Speeding Up Coral Evolution

Scientists are speeding up coral evolution to resist climate change
Hawaii, Day Octopus (Octopus Cyanea) Laying On A Bed Of Coral. Getty/Dave Fleetham / Design Pics

 As Charles Darwin so deftly pointed out in his book , the main mechanism for evolution is natural selection. His original Theory of Evolution included an explanation for this natural selection. Essentially, the favorable adaptations acquired in a population by certain individuals will increase that individual's ability to survive long enough to reproduce and pass down that heritable trait. Eventually, the less desirable traits become fewer and fewer until they are bred out of the population for good.

While this is the main mechanism for evolution of species, it can also be manipulated through human interactions to possibly speed up the process. Humans have been performing artificial selection through breeding for thousands upon thousands of years. Even Charles Darwin used artificial selection to help gather more data in order to explain how natural selection worked. Now, some scientists are trying to use the principles of artificial selection to save coral reefs around Hawaii from the rapidly changing global climate.

Coral is a very delicate species that does not adapt well to changes in its immediate environment. In fact, coral has been on the endangered species list for some time already. Several scientists, including Dr. Ruth Gates of the Hawaii Institute of Marine Biology, are experimenting with selective breeding and conditioning of coral to try to create a species that will be more robust and can resist the changes and pressures the rapidly changing climate is having on the endangered species.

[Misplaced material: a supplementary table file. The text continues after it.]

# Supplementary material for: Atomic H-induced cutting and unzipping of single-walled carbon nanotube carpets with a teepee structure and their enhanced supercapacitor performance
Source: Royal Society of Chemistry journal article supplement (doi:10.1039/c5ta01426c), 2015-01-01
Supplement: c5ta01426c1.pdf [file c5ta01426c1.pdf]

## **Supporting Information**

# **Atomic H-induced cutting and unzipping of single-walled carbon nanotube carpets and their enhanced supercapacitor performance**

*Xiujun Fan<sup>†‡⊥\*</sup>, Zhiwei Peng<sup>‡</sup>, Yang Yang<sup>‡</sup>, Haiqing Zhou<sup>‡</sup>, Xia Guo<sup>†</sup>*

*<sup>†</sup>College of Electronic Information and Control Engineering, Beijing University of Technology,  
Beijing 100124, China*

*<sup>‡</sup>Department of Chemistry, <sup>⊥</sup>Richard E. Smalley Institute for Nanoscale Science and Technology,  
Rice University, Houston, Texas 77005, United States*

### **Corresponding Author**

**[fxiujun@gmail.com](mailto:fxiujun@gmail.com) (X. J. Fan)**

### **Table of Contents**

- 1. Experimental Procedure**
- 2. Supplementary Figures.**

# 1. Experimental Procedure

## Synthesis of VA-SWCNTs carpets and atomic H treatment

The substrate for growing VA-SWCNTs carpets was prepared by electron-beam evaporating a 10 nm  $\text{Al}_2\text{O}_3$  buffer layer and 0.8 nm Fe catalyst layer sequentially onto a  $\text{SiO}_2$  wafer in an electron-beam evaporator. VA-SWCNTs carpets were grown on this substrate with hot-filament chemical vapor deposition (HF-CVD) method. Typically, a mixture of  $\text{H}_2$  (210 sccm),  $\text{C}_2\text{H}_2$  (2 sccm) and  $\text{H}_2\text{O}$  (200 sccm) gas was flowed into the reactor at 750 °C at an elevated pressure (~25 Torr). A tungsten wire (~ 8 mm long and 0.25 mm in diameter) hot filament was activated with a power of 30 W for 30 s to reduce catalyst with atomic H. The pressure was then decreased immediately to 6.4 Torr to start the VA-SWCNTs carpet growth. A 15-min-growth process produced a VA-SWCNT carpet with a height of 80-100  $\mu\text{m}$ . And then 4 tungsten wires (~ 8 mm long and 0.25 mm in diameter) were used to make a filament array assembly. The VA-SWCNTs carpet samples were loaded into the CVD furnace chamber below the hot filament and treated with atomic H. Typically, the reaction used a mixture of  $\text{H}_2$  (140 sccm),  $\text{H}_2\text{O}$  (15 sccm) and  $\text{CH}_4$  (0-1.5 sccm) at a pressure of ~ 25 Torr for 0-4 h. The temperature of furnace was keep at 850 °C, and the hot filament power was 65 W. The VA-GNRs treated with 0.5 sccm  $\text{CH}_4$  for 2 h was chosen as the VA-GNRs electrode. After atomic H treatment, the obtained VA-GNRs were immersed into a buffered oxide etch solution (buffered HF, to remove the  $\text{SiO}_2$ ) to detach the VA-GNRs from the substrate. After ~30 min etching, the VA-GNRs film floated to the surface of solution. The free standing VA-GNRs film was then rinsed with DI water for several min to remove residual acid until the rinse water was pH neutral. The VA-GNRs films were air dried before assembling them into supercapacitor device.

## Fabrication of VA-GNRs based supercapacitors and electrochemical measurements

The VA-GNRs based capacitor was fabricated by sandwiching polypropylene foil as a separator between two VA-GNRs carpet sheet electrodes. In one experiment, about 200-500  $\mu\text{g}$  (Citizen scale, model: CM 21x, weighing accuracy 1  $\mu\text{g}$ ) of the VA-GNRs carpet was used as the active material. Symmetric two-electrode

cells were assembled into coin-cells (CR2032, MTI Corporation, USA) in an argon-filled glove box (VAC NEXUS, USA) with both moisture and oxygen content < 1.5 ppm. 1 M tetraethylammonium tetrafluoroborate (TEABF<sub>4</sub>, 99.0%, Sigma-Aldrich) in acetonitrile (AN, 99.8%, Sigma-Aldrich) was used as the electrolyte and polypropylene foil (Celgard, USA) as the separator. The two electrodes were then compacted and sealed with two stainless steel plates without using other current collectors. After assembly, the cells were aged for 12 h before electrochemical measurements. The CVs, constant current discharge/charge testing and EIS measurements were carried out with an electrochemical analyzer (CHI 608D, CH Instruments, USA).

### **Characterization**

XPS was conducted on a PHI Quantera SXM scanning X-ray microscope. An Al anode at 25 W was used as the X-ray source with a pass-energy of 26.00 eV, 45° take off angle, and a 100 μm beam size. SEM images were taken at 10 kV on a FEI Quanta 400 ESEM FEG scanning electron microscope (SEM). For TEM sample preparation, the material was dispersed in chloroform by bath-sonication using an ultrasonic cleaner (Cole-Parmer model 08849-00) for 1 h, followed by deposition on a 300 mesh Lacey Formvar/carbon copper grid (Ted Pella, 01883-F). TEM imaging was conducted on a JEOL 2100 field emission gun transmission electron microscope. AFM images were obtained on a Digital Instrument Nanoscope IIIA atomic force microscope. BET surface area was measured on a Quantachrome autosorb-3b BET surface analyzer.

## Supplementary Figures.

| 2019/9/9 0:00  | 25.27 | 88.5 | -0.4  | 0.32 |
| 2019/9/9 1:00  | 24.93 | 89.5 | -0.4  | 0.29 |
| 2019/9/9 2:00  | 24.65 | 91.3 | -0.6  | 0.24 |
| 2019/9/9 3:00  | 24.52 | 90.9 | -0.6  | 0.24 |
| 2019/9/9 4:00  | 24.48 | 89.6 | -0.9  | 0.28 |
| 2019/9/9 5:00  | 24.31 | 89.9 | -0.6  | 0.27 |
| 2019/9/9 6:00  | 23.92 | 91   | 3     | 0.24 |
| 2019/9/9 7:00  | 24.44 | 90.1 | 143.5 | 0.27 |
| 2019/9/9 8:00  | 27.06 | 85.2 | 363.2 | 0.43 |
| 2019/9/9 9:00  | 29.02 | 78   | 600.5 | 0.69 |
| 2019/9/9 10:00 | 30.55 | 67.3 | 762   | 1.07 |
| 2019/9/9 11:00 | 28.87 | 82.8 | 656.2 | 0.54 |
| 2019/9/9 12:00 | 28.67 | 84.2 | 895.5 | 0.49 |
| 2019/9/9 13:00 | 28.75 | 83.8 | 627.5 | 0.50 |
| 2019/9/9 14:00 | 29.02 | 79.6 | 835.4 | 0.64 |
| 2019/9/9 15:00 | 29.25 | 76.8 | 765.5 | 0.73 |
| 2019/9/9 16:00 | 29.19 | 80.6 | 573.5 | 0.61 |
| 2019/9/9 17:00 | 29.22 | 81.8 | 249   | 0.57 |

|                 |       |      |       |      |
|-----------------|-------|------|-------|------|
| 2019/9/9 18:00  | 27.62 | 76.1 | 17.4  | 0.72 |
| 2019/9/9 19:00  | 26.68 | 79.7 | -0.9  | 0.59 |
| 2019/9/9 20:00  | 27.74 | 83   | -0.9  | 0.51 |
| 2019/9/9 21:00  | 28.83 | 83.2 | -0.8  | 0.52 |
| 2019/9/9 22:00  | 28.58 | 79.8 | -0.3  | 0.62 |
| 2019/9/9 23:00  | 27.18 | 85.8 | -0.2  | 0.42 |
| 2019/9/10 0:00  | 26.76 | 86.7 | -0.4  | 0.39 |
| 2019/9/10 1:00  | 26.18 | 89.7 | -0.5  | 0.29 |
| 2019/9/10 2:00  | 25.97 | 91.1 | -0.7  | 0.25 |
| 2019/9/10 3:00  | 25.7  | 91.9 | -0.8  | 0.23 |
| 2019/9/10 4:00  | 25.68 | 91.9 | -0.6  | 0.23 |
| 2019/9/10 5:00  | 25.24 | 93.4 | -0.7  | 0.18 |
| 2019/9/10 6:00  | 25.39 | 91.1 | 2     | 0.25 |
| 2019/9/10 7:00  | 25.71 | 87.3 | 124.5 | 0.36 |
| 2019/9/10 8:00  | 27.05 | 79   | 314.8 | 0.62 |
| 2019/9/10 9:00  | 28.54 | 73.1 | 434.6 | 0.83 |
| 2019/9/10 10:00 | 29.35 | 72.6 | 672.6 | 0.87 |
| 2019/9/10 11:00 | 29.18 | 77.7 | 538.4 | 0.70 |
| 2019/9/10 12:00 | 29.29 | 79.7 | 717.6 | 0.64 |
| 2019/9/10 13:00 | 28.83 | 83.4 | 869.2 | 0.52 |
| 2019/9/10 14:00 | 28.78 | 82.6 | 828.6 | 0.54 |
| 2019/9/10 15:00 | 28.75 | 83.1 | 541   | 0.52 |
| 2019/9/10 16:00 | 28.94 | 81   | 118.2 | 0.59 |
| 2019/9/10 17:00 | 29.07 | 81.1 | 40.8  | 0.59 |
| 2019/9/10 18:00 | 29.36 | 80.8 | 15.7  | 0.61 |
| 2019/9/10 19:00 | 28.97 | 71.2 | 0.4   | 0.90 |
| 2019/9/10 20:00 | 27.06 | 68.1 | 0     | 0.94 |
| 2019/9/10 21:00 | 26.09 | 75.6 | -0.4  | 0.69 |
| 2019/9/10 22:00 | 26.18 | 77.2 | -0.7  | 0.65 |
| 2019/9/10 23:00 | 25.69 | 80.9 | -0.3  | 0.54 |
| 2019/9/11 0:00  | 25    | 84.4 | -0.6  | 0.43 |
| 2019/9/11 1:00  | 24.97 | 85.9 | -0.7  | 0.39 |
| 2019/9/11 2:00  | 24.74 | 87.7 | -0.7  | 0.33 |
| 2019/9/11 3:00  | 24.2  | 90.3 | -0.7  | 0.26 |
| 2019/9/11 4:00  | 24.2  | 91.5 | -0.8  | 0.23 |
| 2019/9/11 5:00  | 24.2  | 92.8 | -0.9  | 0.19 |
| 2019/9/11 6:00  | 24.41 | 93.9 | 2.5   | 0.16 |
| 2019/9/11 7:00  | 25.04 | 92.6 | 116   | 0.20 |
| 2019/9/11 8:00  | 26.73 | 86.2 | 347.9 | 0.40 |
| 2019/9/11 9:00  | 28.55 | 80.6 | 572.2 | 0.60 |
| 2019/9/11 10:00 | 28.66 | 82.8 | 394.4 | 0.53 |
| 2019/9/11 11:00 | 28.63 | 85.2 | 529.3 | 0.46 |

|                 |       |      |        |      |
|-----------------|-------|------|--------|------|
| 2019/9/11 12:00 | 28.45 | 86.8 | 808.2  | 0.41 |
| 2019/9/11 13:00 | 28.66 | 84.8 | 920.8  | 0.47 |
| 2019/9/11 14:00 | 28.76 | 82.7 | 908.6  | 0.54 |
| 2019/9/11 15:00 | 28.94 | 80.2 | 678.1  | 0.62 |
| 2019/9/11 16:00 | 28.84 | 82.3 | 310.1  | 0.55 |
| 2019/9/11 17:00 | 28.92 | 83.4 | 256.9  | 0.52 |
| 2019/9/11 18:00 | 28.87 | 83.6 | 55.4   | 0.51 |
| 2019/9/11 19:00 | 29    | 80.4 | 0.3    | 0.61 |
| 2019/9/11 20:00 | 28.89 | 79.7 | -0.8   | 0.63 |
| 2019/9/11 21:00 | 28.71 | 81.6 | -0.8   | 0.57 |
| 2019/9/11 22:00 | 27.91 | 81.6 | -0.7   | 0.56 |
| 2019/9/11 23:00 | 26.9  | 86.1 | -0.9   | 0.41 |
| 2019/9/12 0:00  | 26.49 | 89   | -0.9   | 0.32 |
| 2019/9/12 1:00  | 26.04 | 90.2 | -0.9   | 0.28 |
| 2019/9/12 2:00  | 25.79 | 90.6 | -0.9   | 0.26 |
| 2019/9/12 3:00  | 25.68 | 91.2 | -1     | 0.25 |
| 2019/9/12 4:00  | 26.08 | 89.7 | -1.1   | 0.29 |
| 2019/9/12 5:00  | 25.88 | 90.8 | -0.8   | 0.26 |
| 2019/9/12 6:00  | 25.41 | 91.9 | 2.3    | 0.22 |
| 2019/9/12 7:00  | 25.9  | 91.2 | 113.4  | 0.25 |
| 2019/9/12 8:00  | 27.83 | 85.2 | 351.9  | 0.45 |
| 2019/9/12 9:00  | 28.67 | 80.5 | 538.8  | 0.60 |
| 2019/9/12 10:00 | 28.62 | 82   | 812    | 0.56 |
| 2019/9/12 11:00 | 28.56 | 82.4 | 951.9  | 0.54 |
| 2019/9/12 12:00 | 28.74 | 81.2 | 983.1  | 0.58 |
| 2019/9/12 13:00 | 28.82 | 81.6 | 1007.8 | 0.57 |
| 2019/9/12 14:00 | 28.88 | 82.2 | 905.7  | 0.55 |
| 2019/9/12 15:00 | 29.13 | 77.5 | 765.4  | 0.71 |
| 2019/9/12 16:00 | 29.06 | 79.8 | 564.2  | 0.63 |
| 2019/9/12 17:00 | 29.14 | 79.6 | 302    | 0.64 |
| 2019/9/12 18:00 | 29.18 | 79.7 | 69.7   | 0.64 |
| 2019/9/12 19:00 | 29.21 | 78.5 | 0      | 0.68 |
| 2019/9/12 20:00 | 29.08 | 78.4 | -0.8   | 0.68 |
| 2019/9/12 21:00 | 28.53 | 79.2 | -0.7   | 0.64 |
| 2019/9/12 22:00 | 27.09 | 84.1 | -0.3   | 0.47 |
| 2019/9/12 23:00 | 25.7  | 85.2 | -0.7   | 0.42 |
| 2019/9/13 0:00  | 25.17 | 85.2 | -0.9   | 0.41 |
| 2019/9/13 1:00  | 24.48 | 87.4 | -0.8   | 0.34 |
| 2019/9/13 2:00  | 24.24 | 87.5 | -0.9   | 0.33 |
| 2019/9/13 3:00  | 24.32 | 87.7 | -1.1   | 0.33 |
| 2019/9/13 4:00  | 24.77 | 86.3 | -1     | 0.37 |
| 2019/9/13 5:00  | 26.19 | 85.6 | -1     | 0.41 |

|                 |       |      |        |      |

Gates' work involves selecting the most resistant and healthiest of the coral in the reef around the island of Moku o Lo'e and taking it back to her lab to breed. Her aim is to create a breed of "super coral" that can withstand the artificial climate change she models in her lab. Once this hardy strain has produced a few generations of superior coral, it will be transplanted back into the reef to proliferate and hopefully withstand the rapidly changing climate of the waters around Hawaii.

While this is a noble cause and could very well prevent the extinction of coral in the long run, some critics are not supporting this type of research. Their argument is that those who are studying nature should not necessarily interfere and just let nature take its course as it has for the billions of years throughout Geologic Time. The interference of humans in nature is a hotly debated topic, whether the effects are negative (like the rapid climate change or deforestation) or positive (like Dr. Gates' aim to save the coral reefs from becoming extinct). Many believe it is fine for humans to study and gain knowledge about natural populations that can be applied to various scientific situations, but they are against interfering in the process. Others feel that if there is a way to fix the problems humans have caused, then it should be done to right the balance of life in nature.

Another group with an opinion on the matter thinks that there should be an attempt, but it needs to be regulated by an outside group like the government or official conservation agencies that can oversee the process and agree on its ability to help and not harm. This particular group of people argue that scientists are the base of knowledge and should help when possible, but should not be without oversight to go ahead and just do whatever they want within their capabilities.

They believe that long term effects need to be explored and weighed before any sort of final conclusion about the experiments can be made.